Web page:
Church planting can get bogged down in the details. Here are the fundamental principles we must not lose sight of.
Church planting has developed into a remarkably broad field today. When I started my first church in the inner city of Buffalo, New York, as a 20-year-old church planter, I knew very little.
We knew what we needed to do to reach people, how to teach them the Bible and walk in the power of the Holy Spirit. While these things still matter, church planting rituals have admittedly become more complex over the years. Now you need a launch team. You need a facility rental. You need portable equipment and much more.
So the question is: With all the complexity of church planting, what are the things that you must ultimately remember?
Amid the complications, it’s easy to get distracted by the dozens of requirements and forget a few central ones. So let me share a few things that are central when considering planting a church today.
1. Evangelize a Church Into Existence.
This is a key distinction because some people will want to plant a church by gathering together believers—Christians who already know Jesus and have an established relationship with him.
Why is this? Perhaps church planters desire to create a community of people who are more theologically aligned with them. Maybe they’re concerned with establishing a better or somehow “cooler” church. But church planting is not simply a process of gathering people who already follow Christ into swanky, new churches.
Instead, church planting is about reaching people who don’t know Christ, evangelizing them, discipling them and then ultimately congregationalizing them to form a new church plant. We must evangelize, not reorganize, churches into existence.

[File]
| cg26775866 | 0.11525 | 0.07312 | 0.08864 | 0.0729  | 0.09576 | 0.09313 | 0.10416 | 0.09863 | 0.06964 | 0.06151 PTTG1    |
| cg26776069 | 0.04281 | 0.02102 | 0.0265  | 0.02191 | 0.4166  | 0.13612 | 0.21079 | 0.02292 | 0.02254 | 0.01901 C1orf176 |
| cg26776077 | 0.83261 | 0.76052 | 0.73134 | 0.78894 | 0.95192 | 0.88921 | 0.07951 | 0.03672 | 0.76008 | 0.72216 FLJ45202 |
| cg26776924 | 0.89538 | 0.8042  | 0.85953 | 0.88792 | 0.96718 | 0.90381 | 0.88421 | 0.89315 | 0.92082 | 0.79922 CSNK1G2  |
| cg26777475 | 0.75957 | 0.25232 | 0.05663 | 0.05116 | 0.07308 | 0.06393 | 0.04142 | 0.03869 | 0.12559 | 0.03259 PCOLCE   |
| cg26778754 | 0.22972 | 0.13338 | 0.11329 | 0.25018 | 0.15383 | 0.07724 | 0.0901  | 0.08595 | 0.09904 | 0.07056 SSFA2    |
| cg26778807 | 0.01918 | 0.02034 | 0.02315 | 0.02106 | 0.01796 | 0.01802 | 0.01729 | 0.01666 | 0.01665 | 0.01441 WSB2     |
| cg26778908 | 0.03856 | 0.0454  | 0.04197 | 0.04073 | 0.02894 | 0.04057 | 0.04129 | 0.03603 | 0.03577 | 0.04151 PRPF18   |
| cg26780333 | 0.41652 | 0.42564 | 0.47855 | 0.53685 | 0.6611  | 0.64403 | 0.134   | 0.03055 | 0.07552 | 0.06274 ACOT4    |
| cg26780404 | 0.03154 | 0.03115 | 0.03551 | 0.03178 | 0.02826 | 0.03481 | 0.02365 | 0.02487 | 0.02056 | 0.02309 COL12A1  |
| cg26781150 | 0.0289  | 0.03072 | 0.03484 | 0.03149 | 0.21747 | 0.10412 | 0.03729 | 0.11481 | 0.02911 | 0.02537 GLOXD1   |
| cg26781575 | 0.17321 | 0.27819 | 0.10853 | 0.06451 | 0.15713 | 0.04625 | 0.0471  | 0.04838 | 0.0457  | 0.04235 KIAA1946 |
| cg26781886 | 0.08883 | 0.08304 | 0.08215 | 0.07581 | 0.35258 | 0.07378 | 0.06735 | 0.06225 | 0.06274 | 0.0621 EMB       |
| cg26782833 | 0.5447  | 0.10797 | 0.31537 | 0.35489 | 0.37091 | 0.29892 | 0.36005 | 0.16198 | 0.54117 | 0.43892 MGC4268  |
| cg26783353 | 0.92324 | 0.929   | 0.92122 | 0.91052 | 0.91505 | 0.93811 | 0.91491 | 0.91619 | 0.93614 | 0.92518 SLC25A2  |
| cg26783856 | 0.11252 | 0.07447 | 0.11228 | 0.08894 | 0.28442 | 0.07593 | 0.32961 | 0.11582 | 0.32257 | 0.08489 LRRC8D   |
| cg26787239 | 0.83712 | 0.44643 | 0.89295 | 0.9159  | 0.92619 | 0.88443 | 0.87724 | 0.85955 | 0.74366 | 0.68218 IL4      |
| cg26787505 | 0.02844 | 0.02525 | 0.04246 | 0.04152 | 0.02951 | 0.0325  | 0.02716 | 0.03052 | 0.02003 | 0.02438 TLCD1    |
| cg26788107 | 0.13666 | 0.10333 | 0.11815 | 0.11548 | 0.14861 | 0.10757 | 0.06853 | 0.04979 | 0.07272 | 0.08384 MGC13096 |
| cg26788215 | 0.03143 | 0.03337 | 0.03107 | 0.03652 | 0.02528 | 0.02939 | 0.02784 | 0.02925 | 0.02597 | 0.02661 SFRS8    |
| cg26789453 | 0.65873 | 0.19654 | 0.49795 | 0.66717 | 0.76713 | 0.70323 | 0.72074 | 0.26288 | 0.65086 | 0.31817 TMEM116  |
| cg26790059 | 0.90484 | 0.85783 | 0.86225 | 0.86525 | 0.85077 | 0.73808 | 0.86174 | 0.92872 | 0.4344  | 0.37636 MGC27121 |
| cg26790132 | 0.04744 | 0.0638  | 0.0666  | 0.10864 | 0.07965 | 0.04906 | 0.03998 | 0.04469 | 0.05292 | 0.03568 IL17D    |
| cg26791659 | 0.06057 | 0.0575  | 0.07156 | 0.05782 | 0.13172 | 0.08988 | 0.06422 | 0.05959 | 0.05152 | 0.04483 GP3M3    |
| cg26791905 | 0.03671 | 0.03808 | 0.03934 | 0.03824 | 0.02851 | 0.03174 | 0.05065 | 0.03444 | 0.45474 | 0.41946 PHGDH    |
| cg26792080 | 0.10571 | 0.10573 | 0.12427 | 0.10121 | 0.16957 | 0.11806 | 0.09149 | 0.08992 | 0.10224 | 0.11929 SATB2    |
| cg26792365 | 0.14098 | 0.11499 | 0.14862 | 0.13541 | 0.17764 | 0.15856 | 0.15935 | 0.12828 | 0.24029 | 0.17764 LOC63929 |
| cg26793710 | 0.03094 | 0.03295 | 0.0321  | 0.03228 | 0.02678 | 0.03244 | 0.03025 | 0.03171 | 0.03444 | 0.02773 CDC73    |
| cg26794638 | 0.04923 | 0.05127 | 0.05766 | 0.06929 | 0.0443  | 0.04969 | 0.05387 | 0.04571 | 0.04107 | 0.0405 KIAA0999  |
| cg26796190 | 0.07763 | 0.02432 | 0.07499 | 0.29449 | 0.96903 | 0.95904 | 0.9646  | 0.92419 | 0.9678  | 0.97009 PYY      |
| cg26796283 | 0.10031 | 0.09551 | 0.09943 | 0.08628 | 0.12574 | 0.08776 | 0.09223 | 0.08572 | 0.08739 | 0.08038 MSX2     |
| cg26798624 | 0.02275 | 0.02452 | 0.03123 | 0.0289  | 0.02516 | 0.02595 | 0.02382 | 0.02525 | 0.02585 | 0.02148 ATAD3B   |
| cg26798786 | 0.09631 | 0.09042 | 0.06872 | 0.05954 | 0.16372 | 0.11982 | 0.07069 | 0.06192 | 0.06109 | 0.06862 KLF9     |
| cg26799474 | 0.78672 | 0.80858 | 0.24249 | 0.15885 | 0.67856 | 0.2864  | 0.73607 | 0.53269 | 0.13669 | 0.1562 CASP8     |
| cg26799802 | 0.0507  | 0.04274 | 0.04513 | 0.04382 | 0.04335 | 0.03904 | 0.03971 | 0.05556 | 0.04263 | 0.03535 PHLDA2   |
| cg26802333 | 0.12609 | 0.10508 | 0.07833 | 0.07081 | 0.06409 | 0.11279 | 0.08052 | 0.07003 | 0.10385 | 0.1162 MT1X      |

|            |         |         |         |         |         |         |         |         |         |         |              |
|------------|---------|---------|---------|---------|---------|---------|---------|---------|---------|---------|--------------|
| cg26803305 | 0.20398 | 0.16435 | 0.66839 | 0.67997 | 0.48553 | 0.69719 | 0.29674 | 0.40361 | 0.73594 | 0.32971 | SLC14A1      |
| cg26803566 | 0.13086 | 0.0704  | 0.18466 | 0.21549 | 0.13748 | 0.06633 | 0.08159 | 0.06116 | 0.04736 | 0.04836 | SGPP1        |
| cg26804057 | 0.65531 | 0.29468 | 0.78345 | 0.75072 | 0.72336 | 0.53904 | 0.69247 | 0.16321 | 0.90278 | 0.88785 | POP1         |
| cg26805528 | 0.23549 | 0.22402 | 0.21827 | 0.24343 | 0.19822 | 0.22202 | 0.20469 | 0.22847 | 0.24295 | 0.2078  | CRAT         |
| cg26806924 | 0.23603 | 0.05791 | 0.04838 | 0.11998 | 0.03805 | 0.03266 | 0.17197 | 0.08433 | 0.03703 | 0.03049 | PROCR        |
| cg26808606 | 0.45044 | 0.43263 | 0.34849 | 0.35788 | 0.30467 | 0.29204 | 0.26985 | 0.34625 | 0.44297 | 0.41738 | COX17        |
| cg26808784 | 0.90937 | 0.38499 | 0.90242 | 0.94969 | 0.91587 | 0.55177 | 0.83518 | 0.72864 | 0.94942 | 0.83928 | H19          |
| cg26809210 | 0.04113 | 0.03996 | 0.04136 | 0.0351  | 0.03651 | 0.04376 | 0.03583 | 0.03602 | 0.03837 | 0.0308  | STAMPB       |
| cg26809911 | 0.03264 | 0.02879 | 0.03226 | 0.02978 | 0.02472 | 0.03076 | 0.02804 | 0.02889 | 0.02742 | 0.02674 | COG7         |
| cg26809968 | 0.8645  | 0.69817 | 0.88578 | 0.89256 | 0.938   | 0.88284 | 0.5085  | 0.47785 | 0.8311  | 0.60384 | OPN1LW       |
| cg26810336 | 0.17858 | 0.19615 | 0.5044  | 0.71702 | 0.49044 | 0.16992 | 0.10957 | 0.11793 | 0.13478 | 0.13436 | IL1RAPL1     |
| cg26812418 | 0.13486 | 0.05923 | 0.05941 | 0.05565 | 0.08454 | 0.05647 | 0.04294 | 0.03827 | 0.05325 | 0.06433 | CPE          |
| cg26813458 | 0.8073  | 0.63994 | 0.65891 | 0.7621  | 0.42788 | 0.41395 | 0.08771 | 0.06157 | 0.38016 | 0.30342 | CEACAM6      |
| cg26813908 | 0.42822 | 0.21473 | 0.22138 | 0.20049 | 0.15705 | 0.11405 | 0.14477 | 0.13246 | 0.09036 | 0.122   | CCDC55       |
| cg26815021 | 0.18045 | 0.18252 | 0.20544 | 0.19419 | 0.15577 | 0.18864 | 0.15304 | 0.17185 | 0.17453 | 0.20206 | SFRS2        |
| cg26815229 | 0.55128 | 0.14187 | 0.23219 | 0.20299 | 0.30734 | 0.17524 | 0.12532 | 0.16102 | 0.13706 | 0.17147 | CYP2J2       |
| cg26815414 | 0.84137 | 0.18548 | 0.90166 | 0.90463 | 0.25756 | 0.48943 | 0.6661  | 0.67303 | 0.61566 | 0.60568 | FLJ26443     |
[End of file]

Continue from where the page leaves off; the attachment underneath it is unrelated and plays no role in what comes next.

2. Remain Faithful.
It’s essential to remember a whole industry exists to help you with church planting. I’m thankful for much of that industry. I’m glad that at the last church I planted we didn’t have to run our own mic cords every time we set up like we did in Buffalo.
Things like portable church resources, musical technology resources and many others help us take church planting to another level of professionalism. However, it’s important to remember, “Unless the LORD build the house, they labor in vain who build it” (Ps. 127:1).
Ultimately, we plant churches because we want to engage in the work that God is already doing in the world. Our efforts are only useful so long as we remain faithful to that which he has asked us to do—nothing more, nothing less.
I remember what it was like planting my second church. I lost my voice the night before and the Lord reminded me that all the work I had done—all the mailings, phone calls and visits—ultimately boiled down to this: He ultimately gave and took away anything he so desired.
I prayed that night. In fact, I said to my wife, “I don’t know why we did all these things if I don’t have a voice the next morning for our first service.” The Lord used those anxious moments to remind me that he was the builder—this church was part of his master plan and not my own.
Yes, the next morning I did get my voice back for a short time only to lose it again immediately after the service. This served as yet another subtle reminder of my human weakness and God’s strength.
3. Remember, You Need a Team.
Early, and often, you have to be reminded that church planting is a team effort. It’s a team sport—not a solo enterprise. Anyone attempting to plant a church without a support system or community will come face-to-face with their frailties.
For all of us, taking the time to build a team of people that is passionate and invested is critical.
4. Make Sure Your Family Has No Regrets.
Churches matter and creating them sustainably for Christ’s kingdom is an honor and privilege, but so is caring well for spouses and children. As you transition to another church or work to plant another, make sure that your family is just as excited as you are to engage in the process.
Ed Stetzer, an Outreach magazine contributing editor, holds the Billy Graham distinguished chair of church, mission and evangelism at Wheaton College and the Wheaton Grad School, where he also oversees the Billy Graham Center. This article originally appeared on The Exchange.